Mr. John A. Zuck was stricken with apoplexy about eleven o’clock last night. Mrs. Julia Sappington and here two daughters, Mary and Marie, had spent the evening at his house, and with Mrs. Zuck, he was taking them home. He was walking in front with the two girls, and Mrs. Zuck and Mrs. Sappington were following. On reaching Mr. Greenville Johnson’s sidewalk, corner of Third and Mulberry, his feet seemed to give way and he weakened, catching hold of the iron fence, while the ladies tried hard to hold him up, but his weight was too much for them and he fell to the sidewalk. Mr. Victor Schneider, Mr. Curtis Marshall, Mr. Frederick Glass, Mr. Johnson and a few others soon gathered and assisted him to a bench or a sofa, upon which they laid him and conveyed him to his home. He was taken in the back way, down the alley past Grace Church, in order to reach home quickly, and when half way down the alley he became unconscious. Almost immediately after reaching home he closed his eyes, perhaps forever. From the first he appeared not to suffer in the least. Dr. Cook was the first physician called who made his appearance, and he rendered efficient service, as did also Dr. Hatch and Dr. Cooperider, who came later. Mr. Zuck remained wholly unconscious through the night, and continued in that condition today, the only change being that he became weaker all the time. Mr. Zuck was born in Madison fifty-six years ago, and was a son of Andrew Zuck, a prominent grocer and leading citizen of half a century ago. He was educated in our public schools, and was a man of considerable intelligence. Widely and favorably known. He was a G.A.R. and one of the youngest soldiers in the Union army. He was a veteran volunteer fireman, and under the new State law Mayor Cisco made him chief of the department, which he resigned on entering the Council, and Mr. Jas. Hargan was appointed to fill the vacancy. He served with great efficiency for several years as city clerk, and was chosen teller of the national Branch Bank while acting in that capacity, being subsequently promoted to cashier. Mr. Zuck was a leading society and lodge man, and in all these organizations was a favorite. “For sweet charity’s sake” he was nearly always on the program in entertainments given for the poor and other laudable purposes. He was an Elk, a Redman, a Pythian, an Odd-Fellow, and a member of all the Masonic lodges. He was elected a member of the City Council at the last general election in the Third Ward, and was chairman of the Committee on Finance and member of various other committees in that body, wielding quite and influence on all questions for the public good. He was also for a number of years president of the M. & M. Club, and afterwards of the Commercial Club. At 4 p.m. there was no change in Mr. Zuck’s condition.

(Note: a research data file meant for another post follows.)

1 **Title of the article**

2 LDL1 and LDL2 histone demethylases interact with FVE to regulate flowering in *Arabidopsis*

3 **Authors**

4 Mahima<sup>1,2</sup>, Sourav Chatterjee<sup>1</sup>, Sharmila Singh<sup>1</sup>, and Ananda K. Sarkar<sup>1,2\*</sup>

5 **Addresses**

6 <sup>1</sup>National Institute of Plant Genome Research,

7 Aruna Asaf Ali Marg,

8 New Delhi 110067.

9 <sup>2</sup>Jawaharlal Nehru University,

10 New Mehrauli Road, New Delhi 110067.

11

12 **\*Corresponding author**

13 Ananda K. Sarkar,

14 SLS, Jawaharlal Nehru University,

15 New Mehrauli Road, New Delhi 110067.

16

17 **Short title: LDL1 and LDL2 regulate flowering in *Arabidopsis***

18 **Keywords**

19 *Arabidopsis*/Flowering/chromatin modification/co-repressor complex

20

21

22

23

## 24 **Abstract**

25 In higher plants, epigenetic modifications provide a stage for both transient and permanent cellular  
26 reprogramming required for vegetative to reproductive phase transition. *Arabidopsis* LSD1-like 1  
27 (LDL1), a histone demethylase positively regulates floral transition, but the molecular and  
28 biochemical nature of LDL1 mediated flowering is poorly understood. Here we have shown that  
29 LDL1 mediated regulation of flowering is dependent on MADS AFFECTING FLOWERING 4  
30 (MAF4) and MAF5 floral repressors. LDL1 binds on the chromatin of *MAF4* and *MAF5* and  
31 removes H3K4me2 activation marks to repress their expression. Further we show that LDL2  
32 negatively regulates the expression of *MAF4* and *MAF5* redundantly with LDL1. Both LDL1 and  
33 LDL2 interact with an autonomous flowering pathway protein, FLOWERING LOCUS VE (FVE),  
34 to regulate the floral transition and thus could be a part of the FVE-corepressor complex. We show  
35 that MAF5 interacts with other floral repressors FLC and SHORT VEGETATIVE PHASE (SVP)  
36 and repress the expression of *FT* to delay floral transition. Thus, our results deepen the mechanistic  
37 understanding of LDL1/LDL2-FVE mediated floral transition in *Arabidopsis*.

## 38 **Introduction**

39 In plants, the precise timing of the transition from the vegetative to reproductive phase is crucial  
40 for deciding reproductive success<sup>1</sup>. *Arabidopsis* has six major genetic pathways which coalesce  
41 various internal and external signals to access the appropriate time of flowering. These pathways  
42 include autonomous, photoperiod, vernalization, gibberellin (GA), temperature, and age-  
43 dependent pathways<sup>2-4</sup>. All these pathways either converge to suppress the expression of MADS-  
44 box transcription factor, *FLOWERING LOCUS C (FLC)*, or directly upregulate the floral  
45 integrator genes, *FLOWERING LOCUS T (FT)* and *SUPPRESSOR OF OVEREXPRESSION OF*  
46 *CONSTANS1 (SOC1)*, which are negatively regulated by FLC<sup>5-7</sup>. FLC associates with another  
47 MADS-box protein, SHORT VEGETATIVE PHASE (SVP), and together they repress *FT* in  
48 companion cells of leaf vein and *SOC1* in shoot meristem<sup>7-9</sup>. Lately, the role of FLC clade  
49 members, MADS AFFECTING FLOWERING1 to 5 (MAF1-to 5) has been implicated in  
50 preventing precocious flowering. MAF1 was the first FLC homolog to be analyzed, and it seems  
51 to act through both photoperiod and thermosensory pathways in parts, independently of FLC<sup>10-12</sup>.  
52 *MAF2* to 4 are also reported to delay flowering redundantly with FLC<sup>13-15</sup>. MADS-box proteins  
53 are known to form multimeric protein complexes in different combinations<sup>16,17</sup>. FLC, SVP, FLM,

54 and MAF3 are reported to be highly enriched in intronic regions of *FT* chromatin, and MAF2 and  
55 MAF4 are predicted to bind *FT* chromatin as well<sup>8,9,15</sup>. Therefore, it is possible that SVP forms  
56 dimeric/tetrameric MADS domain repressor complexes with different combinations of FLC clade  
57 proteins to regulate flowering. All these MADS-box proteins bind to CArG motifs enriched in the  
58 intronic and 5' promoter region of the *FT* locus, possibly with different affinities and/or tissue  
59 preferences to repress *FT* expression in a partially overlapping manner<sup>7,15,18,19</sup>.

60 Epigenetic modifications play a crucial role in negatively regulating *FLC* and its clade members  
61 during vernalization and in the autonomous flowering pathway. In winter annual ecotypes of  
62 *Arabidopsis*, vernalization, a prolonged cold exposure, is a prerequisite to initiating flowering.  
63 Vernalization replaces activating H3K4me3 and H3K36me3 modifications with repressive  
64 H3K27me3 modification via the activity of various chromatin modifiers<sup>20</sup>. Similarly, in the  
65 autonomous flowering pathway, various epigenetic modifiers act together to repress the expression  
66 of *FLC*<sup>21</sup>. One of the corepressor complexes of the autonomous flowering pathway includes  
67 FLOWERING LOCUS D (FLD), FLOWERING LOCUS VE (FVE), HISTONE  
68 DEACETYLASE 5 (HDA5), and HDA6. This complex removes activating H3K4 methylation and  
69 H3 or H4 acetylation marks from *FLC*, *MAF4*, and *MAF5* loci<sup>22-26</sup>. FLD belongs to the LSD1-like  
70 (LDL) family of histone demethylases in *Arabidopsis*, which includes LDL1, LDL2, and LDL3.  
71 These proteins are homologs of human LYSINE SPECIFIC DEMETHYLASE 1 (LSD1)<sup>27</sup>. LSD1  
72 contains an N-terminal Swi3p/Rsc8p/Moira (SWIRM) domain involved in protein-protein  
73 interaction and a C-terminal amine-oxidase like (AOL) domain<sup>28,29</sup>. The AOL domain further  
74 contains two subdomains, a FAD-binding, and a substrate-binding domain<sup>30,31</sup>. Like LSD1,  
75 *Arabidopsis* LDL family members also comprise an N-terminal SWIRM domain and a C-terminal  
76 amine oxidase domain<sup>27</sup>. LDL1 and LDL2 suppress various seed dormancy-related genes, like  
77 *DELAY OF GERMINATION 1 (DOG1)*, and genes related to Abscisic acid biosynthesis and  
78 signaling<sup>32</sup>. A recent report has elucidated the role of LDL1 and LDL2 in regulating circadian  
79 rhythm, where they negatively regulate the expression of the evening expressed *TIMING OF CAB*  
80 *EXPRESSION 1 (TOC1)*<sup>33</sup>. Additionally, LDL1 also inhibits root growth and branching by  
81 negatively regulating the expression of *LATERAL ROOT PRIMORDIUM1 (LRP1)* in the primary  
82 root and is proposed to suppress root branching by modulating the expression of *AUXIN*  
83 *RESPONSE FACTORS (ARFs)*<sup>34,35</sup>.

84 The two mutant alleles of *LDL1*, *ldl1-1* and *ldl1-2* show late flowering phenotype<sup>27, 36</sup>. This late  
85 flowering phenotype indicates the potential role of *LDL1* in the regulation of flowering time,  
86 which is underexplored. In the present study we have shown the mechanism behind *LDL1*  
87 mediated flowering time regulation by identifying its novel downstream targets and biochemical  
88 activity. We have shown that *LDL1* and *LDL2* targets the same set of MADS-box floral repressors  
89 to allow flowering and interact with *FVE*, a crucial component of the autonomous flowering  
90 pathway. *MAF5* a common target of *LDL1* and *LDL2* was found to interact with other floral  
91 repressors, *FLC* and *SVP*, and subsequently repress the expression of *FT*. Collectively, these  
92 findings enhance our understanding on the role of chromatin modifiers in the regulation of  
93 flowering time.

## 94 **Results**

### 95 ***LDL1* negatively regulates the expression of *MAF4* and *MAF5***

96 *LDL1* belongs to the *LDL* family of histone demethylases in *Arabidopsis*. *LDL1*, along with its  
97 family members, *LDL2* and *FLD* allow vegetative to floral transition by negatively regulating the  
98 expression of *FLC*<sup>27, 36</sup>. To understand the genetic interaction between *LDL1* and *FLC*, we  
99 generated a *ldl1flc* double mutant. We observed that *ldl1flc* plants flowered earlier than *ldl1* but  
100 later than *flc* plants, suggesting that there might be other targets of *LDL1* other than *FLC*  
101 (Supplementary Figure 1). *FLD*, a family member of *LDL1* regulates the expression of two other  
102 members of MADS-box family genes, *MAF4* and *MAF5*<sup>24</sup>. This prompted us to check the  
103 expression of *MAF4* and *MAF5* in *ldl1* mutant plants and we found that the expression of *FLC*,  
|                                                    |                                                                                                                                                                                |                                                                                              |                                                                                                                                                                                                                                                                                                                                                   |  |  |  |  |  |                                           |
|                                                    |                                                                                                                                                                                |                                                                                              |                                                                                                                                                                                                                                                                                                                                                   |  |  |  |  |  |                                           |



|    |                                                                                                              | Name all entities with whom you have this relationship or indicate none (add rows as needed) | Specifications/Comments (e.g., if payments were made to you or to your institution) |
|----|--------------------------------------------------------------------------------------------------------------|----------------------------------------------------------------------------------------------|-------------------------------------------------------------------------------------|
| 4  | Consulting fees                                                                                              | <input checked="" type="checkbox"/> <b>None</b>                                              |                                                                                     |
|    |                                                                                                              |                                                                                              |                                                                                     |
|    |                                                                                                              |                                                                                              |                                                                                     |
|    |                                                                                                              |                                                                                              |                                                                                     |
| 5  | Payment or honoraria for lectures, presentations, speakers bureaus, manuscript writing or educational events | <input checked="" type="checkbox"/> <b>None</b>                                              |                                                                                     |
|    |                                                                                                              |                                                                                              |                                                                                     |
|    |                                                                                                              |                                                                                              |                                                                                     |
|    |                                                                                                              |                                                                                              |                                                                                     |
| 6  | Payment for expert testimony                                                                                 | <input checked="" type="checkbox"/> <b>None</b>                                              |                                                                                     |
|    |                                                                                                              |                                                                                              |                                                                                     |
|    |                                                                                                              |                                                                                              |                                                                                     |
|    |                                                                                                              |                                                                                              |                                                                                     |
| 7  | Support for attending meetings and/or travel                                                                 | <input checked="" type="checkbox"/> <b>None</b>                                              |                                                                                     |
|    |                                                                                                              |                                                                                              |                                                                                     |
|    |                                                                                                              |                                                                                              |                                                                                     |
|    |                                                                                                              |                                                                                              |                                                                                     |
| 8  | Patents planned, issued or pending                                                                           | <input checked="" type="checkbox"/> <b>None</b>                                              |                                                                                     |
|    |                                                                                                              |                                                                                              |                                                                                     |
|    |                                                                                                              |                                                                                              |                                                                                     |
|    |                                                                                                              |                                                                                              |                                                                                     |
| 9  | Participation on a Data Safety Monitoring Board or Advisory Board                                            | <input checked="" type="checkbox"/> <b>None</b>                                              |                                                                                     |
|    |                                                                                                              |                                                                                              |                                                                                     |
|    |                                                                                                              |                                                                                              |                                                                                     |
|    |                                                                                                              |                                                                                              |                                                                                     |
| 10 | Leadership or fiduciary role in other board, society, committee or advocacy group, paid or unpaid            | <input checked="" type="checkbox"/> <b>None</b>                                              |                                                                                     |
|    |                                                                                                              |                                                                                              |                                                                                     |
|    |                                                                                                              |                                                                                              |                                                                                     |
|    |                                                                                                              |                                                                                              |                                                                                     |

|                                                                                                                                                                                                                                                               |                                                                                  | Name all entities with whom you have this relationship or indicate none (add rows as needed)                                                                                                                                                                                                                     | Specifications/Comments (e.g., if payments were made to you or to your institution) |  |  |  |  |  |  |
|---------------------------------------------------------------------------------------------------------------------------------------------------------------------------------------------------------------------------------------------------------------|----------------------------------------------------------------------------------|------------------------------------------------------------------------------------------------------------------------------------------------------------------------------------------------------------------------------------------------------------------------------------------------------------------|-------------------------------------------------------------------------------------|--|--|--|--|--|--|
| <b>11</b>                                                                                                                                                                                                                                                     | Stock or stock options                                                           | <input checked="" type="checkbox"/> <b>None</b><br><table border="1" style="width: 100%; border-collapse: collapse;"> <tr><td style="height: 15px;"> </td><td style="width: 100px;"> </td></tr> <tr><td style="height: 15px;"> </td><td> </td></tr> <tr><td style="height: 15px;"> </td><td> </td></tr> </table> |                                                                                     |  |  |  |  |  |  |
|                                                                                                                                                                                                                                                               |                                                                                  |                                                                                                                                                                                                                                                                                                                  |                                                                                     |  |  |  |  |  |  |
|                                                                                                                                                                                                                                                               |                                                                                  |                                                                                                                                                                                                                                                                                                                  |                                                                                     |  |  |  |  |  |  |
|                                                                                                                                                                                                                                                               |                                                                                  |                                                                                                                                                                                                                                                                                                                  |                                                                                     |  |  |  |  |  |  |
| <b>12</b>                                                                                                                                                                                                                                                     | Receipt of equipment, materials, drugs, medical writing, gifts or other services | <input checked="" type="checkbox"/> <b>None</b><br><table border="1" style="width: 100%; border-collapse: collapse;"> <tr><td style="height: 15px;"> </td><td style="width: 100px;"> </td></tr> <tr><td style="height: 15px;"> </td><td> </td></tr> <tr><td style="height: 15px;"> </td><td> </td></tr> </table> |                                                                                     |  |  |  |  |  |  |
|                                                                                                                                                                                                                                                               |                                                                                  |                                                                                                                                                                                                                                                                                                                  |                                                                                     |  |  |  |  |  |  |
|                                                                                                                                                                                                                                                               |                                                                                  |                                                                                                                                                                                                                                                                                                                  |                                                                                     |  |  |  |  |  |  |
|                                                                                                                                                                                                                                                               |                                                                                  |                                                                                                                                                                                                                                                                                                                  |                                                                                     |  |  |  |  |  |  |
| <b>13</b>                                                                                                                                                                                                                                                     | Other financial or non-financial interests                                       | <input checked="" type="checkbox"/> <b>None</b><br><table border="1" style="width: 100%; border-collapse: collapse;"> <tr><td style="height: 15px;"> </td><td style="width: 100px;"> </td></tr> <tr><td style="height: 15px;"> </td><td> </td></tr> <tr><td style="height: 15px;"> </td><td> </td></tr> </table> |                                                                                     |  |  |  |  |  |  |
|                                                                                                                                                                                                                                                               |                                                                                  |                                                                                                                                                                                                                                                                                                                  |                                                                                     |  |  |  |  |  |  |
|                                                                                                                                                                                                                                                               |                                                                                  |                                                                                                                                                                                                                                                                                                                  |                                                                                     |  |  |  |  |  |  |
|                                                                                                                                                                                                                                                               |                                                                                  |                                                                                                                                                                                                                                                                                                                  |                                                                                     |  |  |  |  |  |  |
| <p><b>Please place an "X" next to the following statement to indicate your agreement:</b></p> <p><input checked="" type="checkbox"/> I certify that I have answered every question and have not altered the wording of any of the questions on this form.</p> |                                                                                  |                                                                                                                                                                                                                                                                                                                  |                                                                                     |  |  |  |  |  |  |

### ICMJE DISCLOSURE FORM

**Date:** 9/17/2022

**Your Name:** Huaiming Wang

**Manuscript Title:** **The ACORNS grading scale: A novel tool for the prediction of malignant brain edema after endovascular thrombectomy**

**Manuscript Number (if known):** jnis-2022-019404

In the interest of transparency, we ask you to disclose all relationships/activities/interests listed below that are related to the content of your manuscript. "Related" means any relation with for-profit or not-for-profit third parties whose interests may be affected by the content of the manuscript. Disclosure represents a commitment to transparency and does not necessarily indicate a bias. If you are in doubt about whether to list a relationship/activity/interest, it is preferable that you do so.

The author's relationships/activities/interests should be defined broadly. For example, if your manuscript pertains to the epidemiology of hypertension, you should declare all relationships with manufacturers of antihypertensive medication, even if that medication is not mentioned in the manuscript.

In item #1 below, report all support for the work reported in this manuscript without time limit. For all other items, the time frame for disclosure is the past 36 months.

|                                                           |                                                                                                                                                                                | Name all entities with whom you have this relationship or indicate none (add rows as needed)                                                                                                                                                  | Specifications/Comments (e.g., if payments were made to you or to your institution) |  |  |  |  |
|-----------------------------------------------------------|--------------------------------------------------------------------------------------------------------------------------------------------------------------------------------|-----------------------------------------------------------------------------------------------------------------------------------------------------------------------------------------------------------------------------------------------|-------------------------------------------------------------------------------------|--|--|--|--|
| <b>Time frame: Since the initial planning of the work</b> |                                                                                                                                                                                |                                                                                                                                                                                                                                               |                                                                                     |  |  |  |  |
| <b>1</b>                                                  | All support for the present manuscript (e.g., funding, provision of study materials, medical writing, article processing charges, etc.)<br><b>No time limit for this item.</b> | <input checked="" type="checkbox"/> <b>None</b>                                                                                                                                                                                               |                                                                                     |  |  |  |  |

July 29, 1907
John A. Zuck
Ending of an Honorable and Useful Career

After lingering from midnight Friday until eight twenty o’clock this morning the wheels of life stood still and the soul of John Andrew Zuck departed from his mortal body to that mysterious country from whence no traveler returns. There is little to add to that already said in theses columns about the man whose life has been as an open book in this community. His death makes many vacancies, not all of which can be filled, and universal sympathy goes out to his bereaved wife and relatives, whose loss is irreparable. Mr. Zuck was a Redman of National prominence, having thrice been Indiana’s representative in the Grand Council of the United States, and at the time of his death was Chairman of the Finance Committee of the Supreme Lodge of the Order in the United States. Mr. Zuck left an insurance policy of $3,000 with the Royal Arcanum and $1000 in the Pythian Endowment Rank. The funeral will take place Wednesday afternoon at three o’clock from the family residence on North Jefferson Street. The burial will be in Springdale cemetery.